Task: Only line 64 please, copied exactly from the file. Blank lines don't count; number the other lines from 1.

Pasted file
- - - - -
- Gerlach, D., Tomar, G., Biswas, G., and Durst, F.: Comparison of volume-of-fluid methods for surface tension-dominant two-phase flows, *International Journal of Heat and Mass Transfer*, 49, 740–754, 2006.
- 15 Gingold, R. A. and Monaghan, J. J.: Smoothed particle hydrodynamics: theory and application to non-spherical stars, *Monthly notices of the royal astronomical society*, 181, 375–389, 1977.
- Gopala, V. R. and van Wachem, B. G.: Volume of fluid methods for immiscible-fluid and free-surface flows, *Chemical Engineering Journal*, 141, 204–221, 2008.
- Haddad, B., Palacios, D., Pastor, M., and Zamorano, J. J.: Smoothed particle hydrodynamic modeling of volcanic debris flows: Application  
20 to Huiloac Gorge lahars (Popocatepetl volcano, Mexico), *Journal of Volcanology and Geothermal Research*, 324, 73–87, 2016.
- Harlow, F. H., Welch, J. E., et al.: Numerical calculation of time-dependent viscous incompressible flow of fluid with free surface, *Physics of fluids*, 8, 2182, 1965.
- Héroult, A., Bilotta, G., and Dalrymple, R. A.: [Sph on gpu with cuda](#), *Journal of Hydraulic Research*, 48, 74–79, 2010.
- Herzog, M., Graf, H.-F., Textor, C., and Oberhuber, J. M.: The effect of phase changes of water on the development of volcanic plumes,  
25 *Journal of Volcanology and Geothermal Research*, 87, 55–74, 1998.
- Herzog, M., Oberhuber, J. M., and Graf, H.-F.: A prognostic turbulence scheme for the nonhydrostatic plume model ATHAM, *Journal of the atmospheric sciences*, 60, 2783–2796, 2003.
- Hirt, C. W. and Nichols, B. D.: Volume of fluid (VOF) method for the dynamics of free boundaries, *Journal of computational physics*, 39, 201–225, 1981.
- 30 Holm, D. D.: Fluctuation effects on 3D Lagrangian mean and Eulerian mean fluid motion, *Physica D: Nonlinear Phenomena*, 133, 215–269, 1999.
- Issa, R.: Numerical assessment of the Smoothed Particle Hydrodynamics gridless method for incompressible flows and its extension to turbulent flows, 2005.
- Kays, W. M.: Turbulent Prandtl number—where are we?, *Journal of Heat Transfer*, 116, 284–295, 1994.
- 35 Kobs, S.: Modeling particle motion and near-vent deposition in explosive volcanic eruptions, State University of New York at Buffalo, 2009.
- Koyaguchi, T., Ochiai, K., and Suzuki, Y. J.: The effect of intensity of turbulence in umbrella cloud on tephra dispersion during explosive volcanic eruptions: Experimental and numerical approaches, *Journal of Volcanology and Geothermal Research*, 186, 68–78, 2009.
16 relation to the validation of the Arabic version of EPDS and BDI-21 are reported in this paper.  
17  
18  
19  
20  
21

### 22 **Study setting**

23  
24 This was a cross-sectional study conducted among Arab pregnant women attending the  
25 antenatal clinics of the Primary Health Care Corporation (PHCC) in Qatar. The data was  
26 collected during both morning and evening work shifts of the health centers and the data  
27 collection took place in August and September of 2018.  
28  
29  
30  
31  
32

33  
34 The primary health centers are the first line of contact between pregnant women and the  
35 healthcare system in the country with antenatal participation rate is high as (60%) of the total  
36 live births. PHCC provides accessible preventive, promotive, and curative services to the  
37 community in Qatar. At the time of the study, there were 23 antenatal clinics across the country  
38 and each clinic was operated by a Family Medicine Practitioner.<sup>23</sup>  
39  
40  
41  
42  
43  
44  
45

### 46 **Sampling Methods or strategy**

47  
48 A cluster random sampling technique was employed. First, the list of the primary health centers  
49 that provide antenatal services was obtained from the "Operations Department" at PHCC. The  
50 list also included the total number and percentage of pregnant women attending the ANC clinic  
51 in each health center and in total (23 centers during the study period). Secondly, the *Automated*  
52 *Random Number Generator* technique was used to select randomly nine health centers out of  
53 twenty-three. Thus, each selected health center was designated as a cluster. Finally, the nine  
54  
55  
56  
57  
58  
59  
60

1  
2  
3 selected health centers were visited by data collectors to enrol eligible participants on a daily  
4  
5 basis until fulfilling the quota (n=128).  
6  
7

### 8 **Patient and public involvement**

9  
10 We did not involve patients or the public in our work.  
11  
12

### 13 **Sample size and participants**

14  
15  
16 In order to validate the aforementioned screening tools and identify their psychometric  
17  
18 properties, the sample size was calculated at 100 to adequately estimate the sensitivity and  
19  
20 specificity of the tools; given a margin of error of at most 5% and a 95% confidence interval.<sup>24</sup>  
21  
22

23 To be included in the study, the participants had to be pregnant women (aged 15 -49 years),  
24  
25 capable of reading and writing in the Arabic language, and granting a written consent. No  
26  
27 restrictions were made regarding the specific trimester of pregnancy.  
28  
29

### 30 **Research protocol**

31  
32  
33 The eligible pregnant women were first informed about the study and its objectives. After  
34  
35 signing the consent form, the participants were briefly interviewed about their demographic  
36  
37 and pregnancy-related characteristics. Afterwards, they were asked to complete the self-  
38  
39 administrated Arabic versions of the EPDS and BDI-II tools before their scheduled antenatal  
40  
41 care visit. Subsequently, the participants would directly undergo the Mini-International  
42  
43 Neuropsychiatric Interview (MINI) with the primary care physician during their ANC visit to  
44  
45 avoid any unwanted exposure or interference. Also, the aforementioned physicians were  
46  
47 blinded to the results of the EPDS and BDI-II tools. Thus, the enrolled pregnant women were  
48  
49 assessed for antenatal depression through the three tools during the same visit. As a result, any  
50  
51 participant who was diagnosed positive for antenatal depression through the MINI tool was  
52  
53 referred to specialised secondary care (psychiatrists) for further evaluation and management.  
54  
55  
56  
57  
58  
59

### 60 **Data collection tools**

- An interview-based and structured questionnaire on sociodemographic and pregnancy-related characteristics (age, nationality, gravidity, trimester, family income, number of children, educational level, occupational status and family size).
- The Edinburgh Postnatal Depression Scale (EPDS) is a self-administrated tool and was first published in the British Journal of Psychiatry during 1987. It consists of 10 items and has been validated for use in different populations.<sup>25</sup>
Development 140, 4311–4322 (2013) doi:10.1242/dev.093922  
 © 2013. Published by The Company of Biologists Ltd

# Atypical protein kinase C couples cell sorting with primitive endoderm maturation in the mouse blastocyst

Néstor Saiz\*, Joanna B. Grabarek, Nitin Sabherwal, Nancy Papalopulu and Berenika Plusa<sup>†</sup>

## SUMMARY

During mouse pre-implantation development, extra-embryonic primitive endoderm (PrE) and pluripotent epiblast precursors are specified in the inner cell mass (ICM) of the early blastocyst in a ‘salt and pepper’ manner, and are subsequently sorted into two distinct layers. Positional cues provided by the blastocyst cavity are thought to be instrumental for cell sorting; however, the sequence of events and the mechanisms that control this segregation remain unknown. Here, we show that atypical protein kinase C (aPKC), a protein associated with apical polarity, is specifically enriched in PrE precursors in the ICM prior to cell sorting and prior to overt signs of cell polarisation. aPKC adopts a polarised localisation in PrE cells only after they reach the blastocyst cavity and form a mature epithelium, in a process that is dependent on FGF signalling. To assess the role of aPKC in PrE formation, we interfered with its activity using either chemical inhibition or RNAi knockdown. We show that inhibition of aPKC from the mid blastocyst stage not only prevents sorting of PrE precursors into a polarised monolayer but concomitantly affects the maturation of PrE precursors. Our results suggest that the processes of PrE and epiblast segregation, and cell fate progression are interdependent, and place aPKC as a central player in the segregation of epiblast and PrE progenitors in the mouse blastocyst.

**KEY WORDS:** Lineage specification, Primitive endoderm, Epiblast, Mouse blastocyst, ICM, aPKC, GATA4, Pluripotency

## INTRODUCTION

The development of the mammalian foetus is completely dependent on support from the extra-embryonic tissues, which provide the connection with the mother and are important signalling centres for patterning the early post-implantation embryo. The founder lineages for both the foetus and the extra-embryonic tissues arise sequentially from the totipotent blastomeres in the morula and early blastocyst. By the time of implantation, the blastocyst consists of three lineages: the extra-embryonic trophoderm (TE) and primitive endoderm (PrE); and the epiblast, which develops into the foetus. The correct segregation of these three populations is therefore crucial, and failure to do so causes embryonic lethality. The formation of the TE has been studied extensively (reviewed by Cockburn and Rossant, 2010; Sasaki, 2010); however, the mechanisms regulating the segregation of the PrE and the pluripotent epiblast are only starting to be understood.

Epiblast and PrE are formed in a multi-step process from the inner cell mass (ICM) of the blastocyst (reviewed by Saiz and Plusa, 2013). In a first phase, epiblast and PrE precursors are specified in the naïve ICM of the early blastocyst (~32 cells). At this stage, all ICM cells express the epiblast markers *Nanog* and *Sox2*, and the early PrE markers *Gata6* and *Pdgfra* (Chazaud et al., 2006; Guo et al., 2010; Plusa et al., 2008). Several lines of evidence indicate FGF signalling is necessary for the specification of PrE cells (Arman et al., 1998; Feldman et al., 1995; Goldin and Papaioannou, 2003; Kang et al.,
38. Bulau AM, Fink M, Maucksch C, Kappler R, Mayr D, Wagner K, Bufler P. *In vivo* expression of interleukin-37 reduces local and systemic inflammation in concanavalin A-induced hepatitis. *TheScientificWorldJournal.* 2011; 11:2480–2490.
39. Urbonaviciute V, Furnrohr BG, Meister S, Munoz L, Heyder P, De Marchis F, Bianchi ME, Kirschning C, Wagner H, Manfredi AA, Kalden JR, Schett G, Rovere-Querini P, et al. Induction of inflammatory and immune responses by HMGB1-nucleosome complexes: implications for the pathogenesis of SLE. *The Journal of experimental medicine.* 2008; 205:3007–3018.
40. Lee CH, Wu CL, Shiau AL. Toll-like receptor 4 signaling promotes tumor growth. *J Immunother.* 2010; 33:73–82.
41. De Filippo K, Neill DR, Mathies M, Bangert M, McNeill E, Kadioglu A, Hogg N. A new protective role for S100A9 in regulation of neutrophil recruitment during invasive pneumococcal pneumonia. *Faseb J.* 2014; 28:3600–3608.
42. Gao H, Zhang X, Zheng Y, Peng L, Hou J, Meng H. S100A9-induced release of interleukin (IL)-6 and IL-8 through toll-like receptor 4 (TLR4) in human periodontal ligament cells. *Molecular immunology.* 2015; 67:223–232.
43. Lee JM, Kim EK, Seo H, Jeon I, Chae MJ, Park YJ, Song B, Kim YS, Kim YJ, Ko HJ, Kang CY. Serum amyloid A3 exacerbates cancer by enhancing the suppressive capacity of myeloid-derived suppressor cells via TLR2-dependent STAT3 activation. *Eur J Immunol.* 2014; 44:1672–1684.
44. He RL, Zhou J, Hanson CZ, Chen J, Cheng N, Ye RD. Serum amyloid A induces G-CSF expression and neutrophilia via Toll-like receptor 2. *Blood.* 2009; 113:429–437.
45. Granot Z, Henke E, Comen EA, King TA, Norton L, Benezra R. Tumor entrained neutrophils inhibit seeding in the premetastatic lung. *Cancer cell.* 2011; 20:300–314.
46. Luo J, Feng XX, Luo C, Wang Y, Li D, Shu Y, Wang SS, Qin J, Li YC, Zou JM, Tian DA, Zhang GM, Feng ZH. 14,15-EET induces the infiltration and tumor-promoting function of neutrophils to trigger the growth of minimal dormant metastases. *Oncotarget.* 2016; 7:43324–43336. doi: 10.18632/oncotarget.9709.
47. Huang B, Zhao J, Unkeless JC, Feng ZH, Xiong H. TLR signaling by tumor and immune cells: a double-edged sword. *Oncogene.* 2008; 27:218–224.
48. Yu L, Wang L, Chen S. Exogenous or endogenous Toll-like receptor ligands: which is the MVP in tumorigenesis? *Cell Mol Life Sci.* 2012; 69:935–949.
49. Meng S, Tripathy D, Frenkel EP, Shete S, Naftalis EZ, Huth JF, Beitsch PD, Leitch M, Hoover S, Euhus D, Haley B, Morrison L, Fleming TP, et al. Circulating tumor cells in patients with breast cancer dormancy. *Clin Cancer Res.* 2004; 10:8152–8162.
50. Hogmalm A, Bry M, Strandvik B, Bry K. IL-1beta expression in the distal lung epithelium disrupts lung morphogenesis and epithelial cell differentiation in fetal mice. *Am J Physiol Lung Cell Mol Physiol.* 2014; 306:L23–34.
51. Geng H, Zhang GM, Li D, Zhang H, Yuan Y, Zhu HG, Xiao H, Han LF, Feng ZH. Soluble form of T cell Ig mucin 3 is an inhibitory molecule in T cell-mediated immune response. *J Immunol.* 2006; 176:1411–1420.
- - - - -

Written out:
3 selected health centers were visited by data collectors to enrol eligible participants on a daily  